In Part I of this article, we discussed reasons why a brewery owner would want a professional, independent appraisal and how to hire an appraiser. In the case study, we looked at the valuation of a large (~18K bbl) operation, and explained the valuation process in some detail. In this installment, we’re going to dive right into the valuation.
The Valuation Case Study
BigBrewCo is a large, regional brewery/taproom operation that opened in 2011. They do about $5.8MM in sales, brew around 18K bbls. (with current capacity for about 27K bbls), and distribute to restaurants, package stores and major grocery chains in a 6-state area. Their product line-up is broad and complex, encompassing a wide range of styles with planned new releases and rotations throughout the year. BigBrewCo currently has two existing taprooms; at the time of the valuation, they were completing the build-out of a third.
If all we were valuing was BigBrewCo’s existing business, it wouldn’t present any great challenges. However, BigBrewCo’s owners have some very aggressive growth plans: they plan to expand into another two states for their distributed product and open another seven taprooms by 2027.
This situation effectively requires two different valuations: one for the distribution segment of the business and a second for the taproom segment. Why is that? First, the gross margin structure is completely different: roughly 30% for the distribution business versus almost double (59%) for the taproom business. Second, sales are forecasted to grow three-fold over the next decade, with almost three quarters of that growth from taprooms that have yet to be opened. Third, the cash flow risks are quite different. Besides relying on unopened taprooms for most of the growth, BigBrewCo management assumes that they will be able to find a landlord that will build the taproom structure for them (as part of a mixed-development complex), with the Company only paying for the leasehold improvements (about $50K per taproom). This isn’t an unreasonable assumption, since this was how the new taproom location was executed. Nonetheless, the assumption does create additional risk. Finally, the forecasted volume growth means that the Company’s capacity will be maxed out, requiring significant expansion capex.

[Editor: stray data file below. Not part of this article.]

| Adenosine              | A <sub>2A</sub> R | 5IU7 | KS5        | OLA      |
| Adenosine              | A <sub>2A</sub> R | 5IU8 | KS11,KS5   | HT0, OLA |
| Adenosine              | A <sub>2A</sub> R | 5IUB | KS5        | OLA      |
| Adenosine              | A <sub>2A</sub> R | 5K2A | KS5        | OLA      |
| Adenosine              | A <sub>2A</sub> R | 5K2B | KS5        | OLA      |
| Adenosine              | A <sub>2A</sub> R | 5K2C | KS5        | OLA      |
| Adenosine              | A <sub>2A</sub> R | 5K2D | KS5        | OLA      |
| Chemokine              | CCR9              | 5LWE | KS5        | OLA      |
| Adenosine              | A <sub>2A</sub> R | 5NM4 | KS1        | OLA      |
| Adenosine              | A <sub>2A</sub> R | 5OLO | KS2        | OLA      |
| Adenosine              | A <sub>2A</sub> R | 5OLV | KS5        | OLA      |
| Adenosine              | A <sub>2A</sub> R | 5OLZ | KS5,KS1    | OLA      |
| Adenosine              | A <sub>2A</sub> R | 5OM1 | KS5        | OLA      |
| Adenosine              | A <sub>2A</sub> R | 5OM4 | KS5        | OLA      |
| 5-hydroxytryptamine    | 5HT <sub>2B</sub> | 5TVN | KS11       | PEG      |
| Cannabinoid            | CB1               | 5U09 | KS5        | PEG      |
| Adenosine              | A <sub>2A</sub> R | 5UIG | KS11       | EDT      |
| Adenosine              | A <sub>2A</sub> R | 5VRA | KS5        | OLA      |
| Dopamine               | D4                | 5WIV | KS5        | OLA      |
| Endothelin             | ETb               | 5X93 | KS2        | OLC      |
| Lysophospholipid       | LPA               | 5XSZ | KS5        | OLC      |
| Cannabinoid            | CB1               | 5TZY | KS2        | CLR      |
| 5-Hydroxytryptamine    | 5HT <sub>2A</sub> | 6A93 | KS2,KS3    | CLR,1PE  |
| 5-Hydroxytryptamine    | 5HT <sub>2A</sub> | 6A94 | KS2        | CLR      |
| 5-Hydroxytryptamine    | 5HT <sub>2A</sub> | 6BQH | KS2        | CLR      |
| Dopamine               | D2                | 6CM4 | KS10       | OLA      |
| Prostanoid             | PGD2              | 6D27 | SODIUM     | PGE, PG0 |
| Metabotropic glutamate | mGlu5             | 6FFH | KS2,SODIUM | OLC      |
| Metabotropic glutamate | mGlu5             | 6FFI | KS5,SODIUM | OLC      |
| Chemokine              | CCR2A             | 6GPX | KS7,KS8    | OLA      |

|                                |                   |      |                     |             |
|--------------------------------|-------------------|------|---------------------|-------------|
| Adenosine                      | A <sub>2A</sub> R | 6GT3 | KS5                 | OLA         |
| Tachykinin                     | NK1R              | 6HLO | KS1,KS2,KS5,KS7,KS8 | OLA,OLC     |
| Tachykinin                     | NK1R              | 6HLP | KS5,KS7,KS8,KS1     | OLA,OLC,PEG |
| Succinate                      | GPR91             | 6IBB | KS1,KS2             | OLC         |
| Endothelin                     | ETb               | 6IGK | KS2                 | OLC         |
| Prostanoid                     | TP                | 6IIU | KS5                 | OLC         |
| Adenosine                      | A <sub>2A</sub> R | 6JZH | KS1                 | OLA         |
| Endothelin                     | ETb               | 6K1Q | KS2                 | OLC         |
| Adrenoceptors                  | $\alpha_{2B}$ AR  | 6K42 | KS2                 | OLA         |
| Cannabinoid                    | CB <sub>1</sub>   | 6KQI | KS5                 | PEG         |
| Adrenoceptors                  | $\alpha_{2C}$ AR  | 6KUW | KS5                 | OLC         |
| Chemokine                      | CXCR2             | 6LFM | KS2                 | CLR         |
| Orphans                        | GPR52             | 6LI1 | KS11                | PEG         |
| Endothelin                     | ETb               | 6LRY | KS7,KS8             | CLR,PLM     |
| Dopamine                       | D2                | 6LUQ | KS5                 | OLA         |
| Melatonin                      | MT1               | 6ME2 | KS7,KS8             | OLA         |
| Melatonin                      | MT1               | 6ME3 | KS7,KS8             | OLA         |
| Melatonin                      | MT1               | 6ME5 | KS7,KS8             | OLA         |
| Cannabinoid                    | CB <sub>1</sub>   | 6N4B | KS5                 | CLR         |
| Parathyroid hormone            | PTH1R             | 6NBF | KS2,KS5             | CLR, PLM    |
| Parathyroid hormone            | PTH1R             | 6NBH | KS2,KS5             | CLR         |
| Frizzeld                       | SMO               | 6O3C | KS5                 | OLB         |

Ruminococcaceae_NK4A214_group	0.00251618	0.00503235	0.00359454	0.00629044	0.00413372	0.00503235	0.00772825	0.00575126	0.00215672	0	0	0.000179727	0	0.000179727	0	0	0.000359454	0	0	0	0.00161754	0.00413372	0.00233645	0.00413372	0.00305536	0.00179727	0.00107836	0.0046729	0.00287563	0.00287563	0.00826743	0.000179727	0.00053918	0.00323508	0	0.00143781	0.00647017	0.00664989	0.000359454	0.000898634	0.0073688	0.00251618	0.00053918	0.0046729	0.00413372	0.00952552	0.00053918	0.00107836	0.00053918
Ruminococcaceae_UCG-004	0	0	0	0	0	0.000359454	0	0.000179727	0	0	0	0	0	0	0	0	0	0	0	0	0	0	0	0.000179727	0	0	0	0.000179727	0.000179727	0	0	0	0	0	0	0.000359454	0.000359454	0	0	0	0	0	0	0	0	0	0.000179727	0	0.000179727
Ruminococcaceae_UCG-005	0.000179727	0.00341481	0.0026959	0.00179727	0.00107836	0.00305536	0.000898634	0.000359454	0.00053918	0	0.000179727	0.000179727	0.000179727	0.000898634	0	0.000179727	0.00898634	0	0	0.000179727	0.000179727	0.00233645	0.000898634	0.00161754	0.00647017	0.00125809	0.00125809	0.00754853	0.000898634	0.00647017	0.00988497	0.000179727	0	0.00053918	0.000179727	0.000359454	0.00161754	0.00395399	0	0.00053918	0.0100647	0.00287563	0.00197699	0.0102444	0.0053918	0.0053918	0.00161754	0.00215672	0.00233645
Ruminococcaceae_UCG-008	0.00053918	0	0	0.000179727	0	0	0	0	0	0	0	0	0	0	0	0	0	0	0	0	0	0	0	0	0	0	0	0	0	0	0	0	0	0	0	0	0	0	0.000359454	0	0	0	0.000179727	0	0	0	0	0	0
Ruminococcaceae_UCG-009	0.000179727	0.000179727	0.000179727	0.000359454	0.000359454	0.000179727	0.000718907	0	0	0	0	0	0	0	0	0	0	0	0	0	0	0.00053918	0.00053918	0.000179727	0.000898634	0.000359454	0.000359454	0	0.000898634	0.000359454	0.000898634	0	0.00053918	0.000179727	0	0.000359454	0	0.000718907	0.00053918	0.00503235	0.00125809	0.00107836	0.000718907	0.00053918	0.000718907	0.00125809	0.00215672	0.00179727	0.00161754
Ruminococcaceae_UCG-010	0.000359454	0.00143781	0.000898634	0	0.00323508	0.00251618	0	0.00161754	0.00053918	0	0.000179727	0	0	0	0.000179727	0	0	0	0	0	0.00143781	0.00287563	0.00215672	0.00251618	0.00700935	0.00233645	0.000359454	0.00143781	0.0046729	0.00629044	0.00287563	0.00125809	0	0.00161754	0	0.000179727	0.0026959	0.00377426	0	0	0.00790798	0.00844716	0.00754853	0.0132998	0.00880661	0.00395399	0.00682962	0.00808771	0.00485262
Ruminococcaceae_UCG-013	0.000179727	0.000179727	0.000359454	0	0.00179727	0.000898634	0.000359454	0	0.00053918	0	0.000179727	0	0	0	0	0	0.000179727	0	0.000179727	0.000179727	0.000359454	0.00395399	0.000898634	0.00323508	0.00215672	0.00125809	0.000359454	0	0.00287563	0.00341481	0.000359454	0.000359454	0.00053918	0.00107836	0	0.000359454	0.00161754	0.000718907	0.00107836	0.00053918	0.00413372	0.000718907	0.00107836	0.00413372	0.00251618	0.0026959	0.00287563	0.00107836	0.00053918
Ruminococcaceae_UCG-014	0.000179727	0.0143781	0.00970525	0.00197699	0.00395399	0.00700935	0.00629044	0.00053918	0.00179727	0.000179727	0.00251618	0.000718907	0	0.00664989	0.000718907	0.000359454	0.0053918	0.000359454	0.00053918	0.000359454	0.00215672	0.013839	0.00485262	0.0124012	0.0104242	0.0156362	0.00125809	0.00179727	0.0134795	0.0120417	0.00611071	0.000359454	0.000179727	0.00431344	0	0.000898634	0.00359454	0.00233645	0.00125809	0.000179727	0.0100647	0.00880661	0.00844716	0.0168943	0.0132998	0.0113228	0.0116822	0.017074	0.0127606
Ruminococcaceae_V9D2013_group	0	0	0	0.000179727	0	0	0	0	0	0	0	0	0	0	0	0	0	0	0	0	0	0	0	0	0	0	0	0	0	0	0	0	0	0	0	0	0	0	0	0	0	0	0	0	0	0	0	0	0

In terms of the valuation process, we created two separate forecasted income statements to reflect the differences in revenue growth and margins. If you read the first article while imbibing a 5.1% lager (rather than an 8.2% double-IPA), you’ll remember that risk is reflected in the discount rate, which is referred to among finance snobs as the weighted average cost of capital, or WACC. The WACC for the distribution segment was 12.1%, while the riskier taproom segment WACC was 15.5%. Capex was allocated between the two segments. Interest expense was charged to the distribution segment. Working capital requirements were essentially the same for both segments.
The cash flow model for the taproom segment yielded a value of $10.9 million, presented as follows:
Next, we valued the distribution segment, added the value of the taproom segment to it, and make a few other adjustments to arrive at a total Company enterprise value of $13.2 million. After subtracting out debt, the total company equity value was $9.8 million, presented as follows:
The bigger your brewery gets, the more complex it becomes to value. And if you have segments with significantly different margins, risk profiles and cash flows, it makes sense to value them separately so you can really see what’s driving the value of your brewery.